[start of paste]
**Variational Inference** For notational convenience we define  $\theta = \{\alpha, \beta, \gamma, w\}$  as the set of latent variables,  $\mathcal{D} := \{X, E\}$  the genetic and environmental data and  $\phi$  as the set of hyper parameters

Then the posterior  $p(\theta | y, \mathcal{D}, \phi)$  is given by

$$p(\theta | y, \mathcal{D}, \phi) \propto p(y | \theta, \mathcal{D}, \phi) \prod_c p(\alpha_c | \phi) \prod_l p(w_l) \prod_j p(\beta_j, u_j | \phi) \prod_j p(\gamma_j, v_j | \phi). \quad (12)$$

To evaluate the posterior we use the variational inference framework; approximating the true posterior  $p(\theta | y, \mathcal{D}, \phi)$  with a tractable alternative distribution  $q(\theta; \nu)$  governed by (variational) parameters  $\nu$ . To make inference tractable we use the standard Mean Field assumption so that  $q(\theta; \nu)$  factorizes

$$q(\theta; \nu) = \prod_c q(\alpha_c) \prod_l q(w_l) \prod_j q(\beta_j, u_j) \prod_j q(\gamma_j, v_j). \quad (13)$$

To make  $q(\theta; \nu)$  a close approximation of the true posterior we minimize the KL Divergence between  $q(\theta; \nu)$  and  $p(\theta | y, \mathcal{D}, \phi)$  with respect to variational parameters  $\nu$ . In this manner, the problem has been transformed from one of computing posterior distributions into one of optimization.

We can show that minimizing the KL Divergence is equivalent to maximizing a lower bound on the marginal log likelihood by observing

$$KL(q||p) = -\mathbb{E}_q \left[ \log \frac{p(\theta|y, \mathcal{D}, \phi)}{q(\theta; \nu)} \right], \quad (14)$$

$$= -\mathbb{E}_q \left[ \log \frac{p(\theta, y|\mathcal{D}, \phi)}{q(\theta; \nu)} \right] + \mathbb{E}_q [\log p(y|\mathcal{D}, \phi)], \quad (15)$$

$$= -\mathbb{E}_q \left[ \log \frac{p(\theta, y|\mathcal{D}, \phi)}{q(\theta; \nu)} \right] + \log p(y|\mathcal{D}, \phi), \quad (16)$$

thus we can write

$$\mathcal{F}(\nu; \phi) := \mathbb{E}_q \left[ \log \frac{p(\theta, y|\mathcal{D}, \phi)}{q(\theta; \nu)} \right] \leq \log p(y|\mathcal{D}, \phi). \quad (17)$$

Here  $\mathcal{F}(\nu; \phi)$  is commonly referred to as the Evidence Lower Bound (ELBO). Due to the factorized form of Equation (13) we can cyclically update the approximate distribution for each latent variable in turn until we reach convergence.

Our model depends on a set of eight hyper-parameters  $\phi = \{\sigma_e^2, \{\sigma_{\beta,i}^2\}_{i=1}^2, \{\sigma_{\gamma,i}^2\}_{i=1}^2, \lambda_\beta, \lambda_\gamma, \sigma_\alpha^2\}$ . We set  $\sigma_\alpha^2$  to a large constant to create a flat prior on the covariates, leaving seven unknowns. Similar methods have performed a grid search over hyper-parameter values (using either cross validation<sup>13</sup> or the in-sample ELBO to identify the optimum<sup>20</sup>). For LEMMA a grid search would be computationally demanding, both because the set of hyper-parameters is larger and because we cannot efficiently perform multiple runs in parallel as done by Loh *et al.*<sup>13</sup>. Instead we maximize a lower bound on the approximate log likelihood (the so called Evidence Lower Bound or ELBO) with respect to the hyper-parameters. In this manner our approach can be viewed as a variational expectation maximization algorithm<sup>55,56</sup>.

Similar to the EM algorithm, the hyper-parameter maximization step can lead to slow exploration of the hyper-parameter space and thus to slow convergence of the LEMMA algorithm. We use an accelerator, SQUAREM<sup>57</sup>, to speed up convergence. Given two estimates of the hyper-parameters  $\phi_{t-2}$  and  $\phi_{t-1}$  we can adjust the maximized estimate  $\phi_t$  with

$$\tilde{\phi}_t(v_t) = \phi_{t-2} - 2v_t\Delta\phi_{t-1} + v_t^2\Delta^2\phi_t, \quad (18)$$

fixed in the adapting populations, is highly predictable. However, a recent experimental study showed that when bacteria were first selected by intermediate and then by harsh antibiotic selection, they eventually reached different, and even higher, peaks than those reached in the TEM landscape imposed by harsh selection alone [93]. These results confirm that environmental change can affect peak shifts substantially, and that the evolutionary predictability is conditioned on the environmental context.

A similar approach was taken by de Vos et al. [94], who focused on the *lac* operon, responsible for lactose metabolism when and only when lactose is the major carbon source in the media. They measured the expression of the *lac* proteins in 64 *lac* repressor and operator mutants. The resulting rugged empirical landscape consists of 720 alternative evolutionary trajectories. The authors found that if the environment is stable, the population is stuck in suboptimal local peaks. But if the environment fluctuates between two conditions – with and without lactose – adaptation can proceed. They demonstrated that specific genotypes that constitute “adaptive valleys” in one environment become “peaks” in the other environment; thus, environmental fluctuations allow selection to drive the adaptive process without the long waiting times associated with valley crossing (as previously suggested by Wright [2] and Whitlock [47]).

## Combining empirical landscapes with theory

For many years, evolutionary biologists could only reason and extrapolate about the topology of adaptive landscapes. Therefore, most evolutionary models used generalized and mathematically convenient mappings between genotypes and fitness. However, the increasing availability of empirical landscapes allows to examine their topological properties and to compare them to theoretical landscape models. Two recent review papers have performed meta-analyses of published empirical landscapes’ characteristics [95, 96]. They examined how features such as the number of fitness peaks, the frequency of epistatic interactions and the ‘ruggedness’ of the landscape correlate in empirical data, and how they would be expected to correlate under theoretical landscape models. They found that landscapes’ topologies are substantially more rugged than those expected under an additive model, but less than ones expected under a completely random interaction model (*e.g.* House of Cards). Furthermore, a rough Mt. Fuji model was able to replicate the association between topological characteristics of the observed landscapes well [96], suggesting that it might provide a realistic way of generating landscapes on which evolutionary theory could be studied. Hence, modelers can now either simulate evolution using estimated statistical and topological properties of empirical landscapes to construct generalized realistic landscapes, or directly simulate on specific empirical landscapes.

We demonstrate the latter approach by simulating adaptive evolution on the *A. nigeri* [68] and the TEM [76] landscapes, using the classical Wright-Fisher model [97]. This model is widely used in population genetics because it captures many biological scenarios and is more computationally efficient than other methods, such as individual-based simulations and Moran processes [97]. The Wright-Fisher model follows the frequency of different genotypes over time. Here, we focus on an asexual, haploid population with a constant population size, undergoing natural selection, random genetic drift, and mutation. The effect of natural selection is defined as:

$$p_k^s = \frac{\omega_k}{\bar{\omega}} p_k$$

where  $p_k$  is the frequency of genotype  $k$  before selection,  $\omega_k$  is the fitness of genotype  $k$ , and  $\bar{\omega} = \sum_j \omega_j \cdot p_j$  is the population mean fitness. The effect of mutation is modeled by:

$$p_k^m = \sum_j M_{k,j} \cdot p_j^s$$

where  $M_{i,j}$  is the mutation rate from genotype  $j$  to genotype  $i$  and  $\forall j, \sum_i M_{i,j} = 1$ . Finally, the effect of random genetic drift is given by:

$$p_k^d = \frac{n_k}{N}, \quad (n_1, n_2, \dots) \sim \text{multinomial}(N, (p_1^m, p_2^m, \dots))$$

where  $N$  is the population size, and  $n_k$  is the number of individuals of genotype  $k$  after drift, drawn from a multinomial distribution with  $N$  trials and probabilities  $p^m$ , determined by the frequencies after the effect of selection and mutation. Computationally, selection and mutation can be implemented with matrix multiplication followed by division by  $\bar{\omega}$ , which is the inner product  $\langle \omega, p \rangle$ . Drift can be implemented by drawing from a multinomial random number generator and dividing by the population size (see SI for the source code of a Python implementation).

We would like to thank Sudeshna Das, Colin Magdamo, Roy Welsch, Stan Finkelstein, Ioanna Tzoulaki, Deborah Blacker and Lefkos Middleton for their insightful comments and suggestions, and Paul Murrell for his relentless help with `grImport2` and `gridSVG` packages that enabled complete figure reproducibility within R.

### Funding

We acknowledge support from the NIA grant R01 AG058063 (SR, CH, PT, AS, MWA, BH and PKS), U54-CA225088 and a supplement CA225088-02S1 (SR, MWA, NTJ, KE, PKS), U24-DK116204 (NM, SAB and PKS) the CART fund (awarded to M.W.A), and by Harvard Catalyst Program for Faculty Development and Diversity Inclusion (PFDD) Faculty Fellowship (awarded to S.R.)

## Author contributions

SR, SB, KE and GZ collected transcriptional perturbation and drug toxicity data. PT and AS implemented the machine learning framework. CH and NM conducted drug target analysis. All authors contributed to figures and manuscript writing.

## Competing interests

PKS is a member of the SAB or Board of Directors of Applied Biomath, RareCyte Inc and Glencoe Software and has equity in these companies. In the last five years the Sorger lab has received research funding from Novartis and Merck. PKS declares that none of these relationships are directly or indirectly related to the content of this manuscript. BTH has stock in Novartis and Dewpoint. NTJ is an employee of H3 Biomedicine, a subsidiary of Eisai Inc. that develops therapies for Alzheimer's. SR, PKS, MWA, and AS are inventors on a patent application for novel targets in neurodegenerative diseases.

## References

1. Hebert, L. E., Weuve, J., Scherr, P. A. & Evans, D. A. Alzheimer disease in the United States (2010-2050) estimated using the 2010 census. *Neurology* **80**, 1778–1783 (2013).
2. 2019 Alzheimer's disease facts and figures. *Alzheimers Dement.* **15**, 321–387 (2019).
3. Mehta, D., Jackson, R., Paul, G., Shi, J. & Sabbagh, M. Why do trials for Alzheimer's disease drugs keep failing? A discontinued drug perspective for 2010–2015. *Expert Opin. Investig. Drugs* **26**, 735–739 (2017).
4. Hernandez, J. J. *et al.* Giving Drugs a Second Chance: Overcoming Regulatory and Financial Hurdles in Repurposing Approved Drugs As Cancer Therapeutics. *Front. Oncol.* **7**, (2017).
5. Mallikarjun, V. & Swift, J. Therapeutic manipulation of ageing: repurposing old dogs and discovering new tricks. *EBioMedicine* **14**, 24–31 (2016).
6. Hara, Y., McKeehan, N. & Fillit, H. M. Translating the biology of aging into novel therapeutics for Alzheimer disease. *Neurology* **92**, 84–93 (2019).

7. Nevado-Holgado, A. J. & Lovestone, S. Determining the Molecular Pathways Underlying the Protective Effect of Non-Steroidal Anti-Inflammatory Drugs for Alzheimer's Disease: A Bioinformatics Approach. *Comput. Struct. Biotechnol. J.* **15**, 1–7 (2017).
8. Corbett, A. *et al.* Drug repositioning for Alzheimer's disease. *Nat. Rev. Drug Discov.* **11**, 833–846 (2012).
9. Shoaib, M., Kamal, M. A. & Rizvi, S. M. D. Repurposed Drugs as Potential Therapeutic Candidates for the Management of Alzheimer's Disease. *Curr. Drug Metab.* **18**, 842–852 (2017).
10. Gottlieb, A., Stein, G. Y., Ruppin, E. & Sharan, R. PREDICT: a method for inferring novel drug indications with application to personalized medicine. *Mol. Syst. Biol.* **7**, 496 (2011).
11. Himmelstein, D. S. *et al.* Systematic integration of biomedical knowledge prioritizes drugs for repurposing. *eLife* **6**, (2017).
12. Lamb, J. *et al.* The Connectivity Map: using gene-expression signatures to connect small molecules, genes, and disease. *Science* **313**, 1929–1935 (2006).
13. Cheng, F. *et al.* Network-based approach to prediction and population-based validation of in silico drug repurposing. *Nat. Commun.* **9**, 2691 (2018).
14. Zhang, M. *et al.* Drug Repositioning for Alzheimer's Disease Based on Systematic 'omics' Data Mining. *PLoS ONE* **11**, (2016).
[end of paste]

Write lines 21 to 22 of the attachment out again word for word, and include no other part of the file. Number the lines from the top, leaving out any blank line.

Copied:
We demonstrate the latter approach by simulating adaptive evolution on the *A. nigeri* [68] and the TEM [76] landscapes, using the classical Wright-Fisher model [97]. This model is widely used in population genetics because it captures many biological scenarios and is more computationally efficient than other methods, such as individual-based simulations and Moran processes [97]. The Wright-Fisher model follows the frequency of different genotypes over time. Here, we focus on an asexual, haploid population with a constant population size, undergoing natural selection, random genetic drift, and mutation. The effect of natural selection is defined as:

$$p_k^s = \frac{\omega_k}{\bar{\omega}} p_k$$